On the other hand, Swiss brand Kuoni arrived in the UK in 1965. First known as a long haul tour operator, Kuoni only recently launched a campaign in 2014 which cemented itself as a luxury brand. The campaign focused on personalisation, donning the tagline “No two holidays are the same – Kuoni, find your amazing”. Since then, the brand’s understated aesthetics have worked hand-in-hand with its focus on personalisation, utilising a darker colour palette of mauves and teals—nothing’s too harsh or abrasive to the eye. Although the brand’s logo is an uppercase sans serif type akin to Flight Centre’s, the impression and aesthetic response you receive from each is drastically different. As opposed to Flight Centre’s angular typeface, Kuoni’s logo sports a font that’s more fluid and curved to reflect the relaxing personalised approach it offers clients.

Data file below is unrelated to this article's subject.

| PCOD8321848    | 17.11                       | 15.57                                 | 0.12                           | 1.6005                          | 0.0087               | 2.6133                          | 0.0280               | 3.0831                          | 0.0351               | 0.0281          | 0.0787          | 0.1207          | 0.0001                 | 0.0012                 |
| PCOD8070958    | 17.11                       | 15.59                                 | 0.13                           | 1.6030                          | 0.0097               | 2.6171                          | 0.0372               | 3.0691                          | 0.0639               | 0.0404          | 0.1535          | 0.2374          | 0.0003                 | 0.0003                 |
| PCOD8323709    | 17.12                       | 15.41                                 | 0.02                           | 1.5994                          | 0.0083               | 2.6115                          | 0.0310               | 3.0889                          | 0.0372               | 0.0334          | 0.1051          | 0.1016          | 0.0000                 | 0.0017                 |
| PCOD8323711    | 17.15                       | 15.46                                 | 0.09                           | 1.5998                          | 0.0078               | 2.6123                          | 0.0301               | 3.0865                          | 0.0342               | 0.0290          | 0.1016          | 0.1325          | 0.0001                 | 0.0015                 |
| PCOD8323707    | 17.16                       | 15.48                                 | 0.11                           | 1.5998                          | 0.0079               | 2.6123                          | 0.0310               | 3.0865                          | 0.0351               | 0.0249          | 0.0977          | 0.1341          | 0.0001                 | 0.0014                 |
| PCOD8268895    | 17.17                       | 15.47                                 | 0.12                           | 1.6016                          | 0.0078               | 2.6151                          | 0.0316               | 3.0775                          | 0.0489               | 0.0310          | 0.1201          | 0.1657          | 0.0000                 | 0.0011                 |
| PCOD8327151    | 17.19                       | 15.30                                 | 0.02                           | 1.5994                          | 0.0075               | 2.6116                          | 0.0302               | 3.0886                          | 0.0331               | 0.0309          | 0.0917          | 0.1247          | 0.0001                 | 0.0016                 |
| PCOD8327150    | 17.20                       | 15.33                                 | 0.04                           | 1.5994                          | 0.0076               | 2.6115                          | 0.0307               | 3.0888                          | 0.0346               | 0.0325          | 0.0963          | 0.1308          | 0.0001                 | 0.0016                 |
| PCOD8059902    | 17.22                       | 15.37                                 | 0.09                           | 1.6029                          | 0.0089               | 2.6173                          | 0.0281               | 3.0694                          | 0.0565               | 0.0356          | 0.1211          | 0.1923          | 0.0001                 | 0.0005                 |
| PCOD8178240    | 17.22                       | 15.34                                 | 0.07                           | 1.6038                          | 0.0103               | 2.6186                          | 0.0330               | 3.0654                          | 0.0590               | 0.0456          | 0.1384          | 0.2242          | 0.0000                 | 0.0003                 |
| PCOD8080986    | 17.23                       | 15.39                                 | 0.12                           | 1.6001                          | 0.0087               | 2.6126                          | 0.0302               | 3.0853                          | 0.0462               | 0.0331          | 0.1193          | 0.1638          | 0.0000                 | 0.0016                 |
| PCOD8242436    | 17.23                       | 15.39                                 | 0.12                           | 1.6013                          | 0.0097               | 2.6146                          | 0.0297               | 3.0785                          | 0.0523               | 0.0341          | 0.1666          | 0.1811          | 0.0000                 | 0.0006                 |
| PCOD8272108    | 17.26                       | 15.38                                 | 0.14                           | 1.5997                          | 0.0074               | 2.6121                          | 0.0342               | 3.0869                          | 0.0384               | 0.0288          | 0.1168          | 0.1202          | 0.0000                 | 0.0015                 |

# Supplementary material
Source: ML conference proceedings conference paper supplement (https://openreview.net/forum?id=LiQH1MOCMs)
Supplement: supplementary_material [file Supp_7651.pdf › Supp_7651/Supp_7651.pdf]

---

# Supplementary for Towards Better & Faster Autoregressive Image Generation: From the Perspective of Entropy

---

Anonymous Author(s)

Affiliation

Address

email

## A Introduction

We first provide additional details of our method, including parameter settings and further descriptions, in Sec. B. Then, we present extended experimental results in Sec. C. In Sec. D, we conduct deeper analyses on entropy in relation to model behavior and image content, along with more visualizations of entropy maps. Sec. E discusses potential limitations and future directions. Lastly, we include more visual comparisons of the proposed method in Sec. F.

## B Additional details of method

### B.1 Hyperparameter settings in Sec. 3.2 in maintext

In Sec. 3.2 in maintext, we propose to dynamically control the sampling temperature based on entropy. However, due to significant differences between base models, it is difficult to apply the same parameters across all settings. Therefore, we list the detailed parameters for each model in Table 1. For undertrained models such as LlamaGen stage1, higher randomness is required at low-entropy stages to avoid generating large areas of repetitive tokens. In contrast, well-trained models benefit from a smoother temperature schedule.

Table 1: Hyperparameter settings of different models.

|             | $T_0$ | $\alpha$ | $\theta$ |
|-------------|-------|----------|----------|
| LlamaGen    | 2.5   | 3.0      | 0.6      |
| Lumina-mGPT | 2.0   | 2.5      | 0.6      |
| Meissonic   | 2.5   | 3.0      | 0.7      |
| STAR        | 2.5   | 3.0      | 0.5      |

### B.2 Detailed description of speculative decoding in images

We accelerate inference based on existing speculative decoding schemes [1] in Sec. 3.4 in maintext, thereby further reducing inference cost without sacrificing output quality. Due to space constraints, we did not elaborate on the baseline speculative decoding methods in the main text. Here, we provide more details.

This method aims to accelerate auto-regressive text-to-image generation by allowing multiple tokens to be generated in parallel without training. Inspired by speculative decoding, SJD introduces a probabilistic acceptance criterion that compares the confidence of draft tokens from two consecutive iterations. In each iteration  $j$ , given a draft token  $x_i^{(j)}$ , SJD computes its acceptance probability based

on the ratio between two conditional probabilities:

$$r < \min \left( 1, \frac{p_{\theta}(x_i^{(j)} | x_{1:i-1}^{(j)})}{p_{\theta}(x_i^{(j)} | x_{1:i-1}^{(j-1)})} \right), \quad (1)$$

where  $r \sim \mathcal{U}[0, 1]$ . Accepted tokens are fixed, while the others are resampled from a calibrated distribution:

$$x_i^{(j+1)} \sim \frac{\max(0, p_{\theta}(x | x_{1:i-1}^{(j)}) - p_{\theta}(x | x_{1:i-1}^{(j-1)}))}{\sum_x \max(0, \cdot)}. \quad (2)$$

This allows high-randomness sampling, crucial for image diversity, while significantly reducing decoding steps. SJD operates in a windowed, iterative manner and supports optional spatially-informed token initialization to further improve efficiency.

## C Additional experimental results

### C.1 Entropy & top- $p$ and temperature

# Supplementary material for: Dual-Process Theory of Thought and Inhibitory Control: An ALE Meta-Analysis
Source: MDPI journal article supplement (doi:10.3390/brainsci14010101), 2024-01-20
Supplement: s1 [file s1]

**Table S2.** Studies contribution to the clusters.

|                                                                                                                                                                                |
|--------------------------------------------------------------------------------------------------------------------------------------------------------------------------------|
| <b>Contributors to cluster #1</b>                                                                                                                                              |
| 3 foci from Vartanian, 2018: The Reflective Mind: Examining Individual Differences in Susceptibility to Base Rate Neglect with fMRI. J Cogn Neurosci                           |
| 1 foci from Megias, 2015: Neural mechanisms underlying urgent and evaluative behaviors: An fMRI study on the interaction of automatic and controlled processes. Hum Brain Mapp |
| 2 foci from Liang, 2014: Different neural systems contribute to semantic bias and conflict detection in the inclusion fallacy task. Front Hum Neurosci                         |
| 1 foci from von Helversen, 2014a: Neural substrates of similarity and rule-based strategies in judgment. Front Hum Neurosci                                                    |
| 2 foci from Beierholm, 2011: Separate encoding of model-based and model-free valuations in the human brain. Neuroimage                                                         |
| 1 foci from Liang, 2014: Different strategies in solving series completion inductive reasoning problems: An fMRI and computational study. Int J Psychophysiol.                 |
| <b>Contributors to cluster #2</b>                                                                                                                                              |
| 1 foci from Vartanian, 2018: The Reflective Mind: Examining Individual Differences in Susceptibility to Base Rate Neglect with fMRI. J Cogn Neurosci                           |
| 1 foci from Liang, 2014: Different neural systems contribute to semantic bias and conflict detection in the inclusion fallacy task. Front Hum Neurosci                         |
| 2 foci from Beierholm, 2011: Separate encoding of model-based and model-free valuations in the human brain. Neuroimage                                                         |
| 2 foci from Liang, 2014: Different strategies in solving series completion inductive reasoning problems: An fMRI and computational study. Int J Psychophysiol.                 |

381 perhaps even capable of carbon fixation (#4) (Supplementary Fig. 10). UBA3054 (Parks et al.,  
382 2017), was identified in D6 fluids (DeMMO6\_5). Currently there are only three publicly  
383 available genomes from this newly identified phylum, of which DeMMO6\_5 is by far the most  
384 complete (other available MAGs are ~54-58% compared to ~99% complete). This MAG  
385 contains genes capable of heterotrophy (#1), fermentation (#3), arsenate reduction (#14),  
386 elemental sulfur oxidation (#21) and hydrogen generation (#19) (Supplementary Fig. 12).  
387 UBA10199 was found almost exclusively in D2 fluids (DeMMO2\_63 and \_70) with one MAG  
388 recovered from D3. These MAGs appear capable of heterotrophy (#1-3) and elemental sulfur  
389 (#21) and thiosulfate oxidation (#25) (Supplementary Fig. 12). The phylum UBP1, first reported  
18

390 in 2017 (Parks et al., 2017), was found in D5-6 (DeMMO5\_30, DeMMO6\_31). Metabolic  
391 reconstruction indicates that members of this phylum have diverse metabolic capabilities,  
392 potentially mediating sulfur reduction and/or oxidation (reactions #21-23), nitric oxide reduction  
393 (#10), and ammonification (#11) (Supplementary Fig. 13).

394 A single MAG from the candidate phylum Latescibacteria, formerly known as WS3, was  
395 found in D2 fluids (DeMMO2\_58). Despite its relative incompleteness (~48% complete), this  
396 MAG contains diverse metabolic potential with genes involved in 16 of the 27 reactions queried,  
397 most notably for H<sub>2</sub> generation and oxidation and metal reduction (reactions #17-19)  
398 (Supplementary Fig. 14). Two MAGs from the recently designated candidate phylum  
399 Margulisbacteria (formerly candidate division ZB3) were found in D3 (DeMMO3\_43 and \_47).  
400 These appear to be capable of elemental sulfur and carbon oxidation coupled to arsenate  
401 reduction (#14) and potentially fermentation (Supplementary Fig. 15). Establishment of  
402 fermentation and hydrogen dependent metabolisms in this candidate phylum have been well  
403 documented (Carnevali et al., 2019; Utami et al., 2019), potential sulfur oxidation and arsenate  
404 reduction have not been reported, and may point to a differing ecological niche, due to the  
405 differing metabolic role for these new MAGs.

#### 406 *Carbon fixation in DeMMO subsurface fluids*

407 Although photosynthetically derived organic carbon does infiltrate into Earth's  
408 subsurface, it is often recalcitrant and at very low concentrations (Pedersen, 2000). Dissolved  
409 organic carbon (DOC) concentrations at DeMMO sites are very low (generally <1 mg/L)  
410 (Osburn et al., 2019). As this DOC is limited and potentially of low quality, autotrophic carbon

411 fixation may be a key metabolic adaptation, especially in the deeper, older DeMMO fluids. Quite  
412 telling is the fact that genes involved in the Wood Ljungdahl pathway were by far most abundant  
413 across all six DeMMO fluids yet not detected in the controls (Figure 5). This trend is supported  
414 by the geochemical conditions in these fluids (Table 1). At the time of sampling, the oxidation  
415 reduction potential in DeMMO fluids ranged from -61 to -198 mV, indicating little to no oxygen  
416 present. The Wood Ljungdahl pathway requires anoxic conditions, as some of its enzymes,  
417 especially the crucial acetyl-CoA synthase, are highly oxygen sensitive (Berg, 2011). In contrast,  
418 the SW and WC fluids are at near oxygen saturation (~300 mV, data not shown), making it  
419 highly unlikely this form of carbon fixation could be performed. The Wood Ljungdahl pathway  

Thanks to aesthetics, these two brands can say something different about the same holiday destination. Take for example, two brochures that both promote Africa as a travel destination.



One commonality between both brochure covers, is the use of imagery. In both cases text is kept to a minimal and the image does all the talking, whilst each says something different still. Flight Centre’s brochure features an almost grayscale image of a baby elephant nuzzling up to a larger elephant’s trunk. The static close-up deliberately featuring a baby elephant conveys a closeness between two animals, denoting themes such as family, warmth, and security. In contrast, Kuoni’s choice of image depicts a scene from the Great Migration. A seeming melange of zebras and wildebeests fill the frame, they’re in motion galloping towards the camera. As opposed a sole focal point, the scene features several focal points darted across the image. The use of dusty greens and the vivid contrast between blacks and whites convey themes of excitement and adventure. Although both brands’ use of imagery feature a safari theme, Flight Centre has painted a picture that speaks to families, and honeymooning couples where as Kuoni has crafted an image that appeals to solo travellers, and adventurous holidaymakers.